“A two second microsleep at 30 mph with a modest angle of drift can result in your vehicle transitioning entirely from one lane to the next. This includes into oncoming traffic. Should you do it at 60 mph, it may be the last microsleep you ever have”. (Page 134)
Were you taught the importance of getting enough sleep when you were a child; at home or in school? Maybe teachers can’t cover everything, but what about doctors? Have you ever been coached by your GP regarding the importance of sleep, and how it might be affecting your physical health or emotional well-being?
Dr Chris Winter (2017) writes about one researcher, Raymond Rosen, who discovered that, in the four years of medical training given to trainee doctors (in America), most of them had received less than 2 hours of training in sleep science.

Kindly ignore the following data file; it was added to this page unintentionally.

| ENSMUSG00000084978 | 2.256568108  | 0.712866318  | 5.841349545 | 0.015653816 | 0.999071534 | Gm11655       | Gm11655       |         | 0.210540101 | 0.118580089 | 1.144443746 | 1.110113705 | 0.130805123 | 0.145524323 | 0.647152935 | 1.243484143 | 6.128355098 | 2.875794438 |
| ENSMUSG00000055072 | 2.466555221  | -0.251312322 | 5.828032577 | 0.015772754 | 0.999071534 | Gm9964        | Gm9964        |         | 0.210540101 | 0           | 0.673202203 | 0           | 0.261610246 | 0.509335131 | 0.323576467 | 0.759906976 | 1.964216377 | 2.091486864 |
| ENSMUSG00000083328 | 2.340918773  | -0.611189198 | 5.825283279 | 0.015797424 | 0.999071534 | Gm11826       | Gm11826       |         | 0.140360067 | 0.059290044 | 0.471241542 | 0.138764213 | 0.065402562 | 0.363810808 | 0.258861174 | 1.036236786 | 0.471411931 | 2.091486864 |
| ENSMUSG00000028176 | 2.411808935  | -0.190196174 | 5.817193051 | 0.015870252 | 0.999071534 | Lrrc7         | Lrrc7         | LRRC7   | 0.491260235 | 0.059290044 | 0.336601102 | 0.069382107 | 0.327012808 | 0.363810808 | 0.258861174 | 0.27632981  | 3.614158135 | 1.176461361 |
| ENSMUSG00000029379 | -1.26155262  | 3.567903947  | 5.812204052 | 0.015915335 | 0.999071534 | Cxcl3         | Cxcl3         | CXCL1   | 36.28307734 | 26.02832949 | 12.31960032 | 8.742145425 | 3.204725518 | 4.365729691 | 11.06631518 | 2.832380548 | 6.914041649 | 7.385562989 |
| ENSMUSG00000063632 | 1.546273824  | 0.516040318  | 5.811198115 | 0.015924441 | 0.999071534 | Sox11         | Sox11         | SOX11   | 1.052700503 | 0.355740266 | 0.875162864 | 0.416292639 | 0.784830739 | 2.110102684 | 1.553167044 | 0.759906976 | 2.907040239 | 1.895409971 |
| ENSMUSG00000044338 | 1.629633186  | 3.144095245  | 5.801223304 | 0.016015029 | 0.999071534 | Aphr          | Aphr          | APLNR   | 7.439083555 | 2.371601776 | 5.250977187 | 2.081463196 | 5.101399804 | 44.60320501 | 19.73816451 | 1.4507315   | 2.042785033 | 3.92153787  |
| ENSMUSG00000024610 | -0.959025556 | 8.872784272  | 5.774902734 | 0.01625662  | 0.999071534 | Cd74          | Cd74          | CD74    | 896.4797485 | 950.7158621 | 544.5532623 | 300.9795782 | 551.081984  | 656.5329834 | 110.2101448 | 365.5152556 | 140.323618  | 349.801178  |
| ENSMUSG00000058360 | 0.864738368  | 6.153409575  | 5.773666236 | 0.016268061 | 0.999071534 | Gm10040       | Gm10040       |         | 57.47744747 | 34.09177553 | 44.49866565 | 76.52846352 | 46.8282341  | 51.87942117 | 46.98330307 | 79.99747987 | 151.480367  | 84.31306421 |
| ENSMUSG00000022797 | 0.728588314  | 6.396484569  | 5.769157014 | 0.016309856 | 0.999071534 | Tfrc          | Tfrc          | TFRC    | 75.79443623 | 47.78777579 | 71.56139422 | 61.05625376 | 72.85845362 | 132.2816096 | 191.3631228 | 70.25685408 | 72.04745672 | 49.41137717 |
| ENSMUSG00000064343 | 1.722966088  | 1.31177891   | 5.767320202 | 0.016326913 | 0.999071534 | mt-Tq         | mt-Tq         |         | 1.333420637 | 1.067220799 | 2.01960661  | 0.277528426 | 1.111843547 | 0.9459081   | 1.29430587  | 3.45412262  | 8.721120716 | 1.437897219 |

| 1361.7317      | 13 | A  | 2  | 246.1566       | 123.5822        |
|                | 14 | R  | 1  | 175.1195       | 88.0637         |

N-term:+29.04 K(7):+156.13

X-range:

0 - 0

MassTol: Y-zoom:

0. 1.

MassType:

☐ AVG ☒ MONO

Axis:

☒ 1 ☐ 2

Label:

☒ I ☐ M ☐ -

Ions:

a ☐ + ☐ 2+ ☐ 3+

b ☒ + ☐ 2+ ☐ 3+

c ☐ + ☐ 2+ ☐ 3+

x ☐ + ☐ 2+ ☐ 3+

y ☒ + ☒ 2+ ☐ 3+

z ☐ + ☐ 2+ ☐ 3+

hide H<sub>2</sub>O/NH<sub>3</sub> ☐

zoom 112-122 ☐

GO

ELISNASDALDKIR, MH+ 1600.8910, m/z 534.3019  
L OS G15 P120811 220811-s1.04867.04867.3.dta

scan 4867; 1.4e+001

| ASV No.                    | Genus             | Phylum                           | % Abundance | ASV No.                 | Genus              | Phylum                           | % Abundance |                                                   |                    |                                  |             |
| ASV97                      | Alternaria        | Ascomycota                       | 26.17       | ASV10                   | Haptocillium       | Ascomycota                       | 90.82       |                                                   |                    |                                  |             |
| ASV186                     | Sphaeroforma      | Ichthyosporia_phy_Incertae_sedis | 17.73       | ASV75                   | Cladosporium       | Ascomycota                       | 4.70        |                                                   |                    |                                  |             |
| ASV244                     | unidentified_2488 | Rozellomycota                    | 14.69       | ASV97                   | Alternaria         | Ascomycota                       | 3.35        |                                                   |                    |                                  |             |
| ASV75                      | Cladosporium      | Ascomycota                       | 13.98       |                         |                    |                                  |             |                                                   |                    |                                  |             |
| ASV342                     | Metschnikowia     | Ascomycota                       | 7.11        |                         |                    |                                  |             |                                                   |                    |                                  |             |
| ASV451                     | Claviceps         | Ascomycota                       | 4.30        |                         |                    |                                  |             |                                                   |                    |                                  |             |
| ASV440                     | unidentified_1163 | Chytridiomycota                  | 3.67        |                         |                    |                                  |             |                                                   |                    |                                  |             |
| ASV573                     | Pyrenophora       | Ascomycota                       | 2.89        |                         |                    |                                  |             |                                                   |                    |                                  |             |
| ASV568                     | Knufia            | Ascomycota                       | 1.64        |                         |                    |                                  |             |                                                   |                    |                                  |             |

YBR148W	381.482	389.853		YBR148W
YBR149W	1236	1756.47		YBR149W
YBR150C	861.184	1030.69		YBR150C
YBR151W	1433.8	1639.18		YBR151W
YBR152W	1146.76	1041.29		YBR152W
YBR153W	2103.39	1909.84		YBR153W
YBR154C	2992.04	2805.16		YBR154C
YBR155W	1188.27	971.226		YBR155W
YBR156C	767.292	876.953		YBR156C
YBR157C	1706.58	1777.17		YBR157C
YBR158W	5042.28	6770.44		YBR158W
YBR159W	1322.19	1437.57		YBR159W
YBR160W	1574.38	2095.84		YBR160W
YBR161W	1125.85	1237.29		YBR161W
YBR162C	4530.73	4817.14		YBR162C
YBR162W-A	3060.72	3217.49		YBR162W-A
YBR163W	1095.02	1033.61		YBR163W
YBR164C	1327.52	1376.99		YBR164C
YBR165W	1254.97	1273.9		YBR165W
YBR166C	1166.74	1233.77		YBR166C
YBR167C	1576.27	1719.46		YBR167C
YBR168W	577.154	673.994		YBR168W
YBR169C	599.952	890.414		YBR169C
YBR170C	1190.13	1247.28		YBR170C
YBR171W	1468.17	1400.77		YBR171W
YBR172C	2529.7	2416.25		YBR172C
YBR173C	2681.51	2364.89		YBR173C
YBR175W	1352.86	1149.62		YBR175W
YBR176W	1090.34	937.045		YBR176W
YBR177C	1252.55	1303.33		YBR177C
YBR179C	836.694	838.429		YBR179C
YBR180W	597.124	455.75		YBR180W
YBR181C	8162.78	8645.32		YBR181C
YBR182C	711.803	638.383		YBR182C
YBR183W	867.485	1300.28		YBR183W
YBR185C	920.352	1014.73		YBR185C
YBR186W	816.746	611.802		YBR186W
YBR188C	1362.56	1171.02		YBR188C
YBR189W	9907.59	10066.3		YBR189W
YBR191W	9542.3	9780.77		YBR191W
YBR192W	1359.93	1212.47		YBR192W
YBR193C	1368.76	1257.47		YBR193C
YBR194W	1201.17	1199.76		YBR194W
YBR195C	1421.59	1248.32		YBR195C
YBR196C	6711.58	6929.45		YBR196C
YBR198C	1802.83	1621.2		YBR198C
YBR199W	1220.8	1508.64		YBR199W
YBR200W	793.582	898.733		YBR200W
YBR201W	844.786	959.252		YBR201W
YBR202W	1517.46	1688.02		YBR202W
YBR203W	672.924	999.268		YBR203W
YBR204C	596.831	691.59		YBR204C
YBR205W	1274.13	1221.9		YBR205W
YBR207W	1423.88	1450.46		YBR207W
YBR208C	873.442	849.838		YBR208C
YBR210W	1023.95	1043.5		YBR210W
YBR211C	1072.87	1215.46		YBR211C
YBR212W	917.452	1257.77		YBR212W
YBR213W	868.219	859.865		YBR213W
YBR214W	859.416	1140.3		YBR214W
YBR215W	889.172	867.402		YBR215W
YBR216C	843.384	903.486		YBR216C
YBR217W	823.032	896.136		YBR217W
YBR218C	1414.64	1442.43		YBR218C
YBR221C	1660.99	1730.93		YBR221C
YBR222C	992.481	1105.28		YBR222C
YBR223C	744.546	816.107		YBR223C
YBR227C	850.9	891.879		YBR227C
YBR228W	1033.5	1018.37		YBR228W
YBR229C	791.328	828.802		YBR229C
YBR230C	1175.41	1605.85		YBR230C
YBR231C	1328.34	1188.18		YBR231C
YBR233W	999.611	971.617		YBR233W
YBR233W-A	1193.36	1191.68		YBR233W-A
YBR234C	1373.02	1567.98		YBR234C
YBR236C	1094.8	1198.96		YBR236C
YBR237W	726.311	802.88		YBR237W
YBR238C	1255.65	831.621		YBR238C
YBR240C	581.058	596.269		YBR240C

It seems there is a woeful lack of information available to the general public about the importance of sleep. It was not until 2000 that a major book on sleep science was published, and became somewhat popular (with the Book of the Month Club), thus making detailed knowledge from the basic science of sleep relatively widely available, perhaps for the first time. (There have been earlier books on sleep science, but not so widely available).
This allowed readers to become aware of what happens to their bodies and minds if they don’t get enough sleep.
We now know, as a matter of scientific fact, that insufficient sleep can cause a range of physical and mental health problems; not the least of which is that it reduces your emotional intelligence, which seriously impacts your relationships and life chances. (And there is a definite link to dementia!)
My learning journey
I was so affected by the contents of Walker’s book that I set out to study the major sources of information on the subject of sleep science.
I began by reviewing a dozen books on the subject, including the following authors: Matthew Walker, William Dement , Nick Littlehales , Arianna Huffington , and several others.